Physical Oceanographic Observations in Baffin Bay and Davis Strait


  • Robin D. Muench
  • H.E. Sadler



Amundsen Gulf, N.W.T., Baffin Bay-Davis Strait, Hudson Strait, Nunavut/Québec, Lancaster Sound, Nunavut, M'Clure Strait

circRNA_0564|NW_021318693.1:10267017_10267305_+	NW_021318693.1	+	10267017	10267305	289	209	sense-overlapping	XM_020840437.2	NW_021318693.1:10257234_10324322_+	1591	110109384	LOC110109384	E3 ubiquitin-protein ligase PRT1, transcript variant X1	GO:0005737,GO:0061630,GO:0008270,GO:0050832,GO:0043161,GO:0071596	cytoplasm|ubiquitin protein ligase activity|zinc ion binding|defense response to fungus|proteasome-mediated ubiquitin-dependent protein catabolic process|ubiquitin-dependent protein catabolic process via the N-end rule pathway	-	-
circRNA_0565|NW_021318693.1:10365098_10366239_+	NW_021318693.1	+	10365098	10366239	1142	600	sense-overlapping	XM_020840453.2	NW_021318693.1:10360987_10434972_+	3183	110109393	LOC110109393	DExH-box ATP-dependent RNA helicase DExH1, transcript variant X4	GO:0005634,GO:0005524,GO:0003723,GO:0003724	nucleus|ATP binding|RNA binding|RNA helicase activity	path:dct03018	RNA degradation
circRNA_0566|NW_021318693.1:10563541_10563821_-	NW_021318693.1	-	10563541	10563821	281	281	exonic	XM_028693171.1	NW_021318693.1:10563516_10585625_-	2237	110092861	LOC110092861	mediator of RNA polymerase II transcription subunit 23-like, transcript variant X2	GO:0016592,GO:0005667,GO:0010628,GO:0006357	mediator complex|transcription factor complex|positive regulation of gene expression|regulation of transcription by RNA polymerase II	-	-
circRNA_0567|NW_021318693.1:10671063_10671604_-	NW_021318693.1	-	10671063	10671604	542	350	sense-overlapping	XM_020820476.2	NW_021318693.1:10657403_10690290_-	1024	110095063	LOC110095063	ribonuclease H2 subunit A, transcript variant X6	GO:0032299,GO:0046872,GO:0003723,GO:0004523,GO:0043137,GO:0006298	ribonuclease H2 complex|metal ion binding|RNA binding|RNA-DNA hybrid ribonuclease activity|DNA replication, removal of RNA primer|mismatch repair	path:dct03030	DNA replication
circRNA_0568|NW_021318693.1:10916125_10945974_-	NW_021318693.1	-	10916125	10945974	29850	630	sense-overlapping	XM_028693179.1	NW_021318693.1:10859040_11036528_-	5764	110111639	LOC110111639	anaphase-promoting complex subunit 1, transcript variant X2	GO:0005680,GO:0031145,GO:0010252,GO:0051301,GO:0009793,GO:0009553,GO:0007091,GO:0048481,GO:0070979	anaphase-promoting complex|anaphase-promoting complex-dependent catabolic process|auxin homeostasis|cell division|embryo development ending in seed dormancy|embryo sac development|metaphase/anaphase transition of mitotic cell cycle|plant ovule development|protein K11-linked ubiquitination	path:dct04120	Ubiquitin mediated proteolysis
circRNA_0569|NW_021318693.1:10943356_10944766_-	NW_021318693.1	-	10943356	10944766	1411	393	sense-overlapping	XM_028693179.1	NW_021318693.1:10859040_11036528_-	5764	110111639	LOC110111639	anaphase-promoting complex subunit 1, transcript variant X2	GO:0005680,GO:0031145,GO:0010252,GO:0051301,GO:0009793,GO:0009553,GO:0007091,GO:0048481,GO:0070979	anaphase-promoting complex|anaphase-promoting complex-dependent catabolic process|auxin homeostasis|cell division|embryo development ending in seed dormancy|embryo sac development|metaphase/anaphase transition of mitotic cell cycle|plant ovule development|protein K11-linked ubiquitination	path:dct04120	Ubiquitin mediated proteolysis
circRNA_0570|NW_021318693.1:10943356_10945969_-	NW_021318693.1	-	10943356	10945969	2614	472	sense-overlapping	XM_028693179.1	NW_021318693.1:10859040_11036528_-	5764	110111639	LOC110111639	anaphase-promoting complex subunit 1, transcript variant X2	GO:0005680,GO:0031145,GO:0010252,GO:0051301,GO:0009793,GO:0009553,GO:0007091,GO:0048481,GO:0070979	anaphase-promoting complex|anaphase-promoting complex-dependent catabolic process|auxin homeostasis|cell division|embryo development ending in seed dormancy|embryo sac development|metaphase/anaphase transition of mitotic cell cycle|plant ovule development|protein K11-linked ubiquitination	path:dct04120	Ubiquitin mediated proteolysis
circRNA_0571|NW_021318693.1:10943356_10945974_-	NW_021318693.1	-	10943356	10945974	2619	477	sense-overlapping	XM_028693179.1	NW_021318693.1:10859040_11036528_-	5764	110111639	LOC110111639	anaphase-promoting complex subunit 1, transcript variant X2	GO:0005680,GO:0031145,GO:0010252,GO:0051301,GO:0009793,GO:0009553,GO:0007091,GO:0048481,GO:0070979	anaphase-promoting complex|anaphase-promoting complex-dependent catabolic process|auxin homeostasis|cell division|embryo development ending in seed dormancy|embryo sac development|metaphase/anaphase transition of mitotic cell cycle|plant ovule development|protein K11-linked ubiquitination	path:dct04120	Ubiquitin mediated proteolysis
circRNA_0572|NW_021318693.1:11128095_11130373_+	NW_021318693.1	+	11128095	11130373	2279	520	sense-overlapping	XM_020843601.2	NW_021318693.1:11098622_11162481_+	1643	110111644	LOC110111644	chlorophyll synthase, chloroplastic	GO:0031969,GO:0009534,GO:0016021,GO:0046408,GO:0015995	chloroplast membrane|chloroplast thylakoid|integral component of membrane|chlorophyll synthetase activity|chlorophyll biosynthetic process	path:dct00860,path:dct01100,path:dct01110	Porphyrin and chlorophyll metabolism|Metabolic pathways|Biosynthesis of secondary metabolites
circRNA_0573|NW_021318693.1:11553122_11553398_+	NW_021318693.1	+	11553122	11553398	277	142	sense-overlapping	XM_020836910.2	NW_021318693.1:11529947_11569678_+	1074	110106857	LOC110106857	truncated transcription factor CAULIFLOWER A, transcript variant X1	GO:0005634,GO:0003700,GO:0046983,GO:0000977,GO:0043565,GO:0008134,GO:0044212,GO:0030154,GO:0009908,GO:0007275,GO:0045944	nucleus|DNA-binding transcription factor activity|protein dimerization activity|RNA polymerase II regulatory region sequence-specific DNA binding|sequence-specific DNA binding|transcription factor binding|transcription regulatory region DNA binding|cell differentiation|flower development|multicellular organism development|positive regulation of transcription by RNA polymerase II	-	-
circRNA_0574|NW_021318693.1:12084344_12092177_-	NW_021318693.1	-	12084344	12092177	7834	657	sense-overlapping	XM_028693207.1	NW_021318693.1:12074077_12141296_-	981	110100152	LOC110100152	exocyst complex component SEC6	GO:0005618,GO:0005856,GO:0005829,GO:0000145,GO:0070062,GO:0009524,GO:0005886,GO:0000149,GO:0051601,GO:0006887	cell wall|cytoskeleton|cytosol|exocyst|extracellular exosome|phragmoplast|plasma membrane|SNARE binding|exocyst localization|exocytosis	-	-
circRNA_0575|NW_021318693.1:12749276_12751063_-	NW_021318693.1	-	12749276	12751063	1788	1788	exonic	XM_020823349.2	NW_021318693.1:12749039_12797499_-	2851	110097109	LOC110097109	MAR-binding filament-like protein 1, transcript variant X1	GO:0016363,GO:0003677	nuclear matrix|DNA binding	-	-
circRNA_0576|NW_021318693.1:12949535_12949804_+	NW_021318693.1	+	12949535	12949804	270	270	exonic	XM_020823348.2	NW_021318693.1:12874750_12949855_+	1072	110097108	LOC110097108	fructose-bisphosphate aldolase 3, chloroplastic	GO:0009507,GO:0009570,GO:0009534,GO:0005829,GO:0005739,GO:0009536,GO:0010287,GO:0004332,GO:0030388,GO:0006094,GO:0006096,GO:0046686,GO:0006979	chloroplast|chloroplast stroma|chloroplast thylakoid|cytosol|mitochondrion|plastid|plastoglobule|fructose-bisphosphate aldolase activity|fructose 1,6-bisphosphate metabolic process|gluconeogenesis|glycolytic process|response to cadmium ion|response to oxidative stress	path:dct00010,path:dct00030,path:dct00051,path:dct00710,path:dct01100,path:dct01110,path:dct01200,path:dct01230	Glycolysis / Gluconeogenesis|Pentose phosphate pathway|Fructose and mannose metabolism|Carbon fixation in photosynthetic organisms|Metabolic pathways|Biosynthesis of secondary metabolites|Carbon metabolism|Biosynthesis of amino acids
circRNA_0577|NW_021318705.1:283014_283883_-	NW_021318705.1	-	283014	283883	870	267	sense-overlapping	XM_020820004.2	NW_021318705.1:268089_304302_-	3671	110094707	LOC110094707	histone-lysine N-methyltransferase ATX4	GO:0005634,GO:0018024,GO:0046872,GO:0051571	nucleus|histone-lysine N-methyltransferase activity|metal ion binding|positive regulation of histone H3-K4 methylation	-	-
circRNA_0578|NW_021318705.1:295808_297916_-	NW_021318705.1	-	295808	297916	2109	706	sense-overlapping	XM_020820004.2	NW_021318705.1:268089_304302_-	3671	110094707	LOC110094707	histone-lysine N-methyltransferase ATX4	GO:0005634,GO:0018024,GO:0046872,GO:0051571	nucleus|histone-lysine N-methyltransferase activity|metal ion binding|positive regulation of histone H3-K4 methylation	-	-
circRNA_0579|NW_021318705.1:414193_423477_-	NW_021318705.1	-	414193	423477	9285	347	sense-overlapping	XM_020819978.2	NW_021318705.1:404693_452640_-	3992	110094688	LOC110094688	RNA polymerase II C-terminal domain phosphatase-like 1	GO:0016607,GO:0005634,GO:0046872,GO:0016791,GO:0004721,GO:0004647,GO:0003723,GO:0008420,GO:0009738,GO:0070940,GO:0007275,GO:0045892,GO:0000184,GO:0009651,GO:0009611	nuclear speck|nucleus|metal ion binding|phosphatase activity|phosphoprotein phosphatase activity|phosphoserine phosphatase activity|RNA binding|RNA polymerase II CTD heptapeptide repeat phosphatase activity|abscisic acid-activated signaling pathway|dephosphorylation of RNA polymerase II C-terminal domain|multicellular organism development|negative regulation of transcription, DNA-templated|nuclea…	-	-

During February 1972, scientific personnel operating from the Louis S. St. Laurent obtained the first winter oceanographic temperature and salinity data from Baffin Bay. Six oceanographic stations were occupied: one in central Baffin Bay; a second in eastern Baffin Bay southeast of the first; and a cross-section of 4 stations in southern Davis Strait .... The temperature and salinity data were obtained using discrete samples from Knudsen bottles, equipped with deep-sea reversing thermometers, and an in situ recording salinity/temperature/depth unit (STD). Temperatures and salinities determined from the discrete water samples were used to calibrate the STD and correct it for drift, while the STD was used to detect fine structure in the vertical distributions of temperature and salinity. ... The temperatures presented ... were those obtained from the reversing thermometers. ... they are presented here in comparison with summer data from the same region .... While it is not possible to draw quantitative conclusions from the small amount of available information, it appears that the deep vertical distributions of temperature and salinity in central and southeastern Baffin Bay and Davis Strait may not undergo significant seasonal variation. Observed near-surface variations may be accounted for qualitatively by a combination of winter cooling, freezing and convective mixing and summer meltwater addition. The apparent constancy of flow through Davis Strait is of particular interest. It has been demonstrated that for sufficient heat to be present in the water column for prevention of ice formation in the open lead in northern Baffin Bay known as the North Water, northerly flow of warm water (>0°C) would have to be greater than observed during the summer months. That this does not appear to be the case strengthens the hypothesis... that the open water is due to a southward advection of ice by winds and currents rather than by heat from the water column preventing formation of the ice.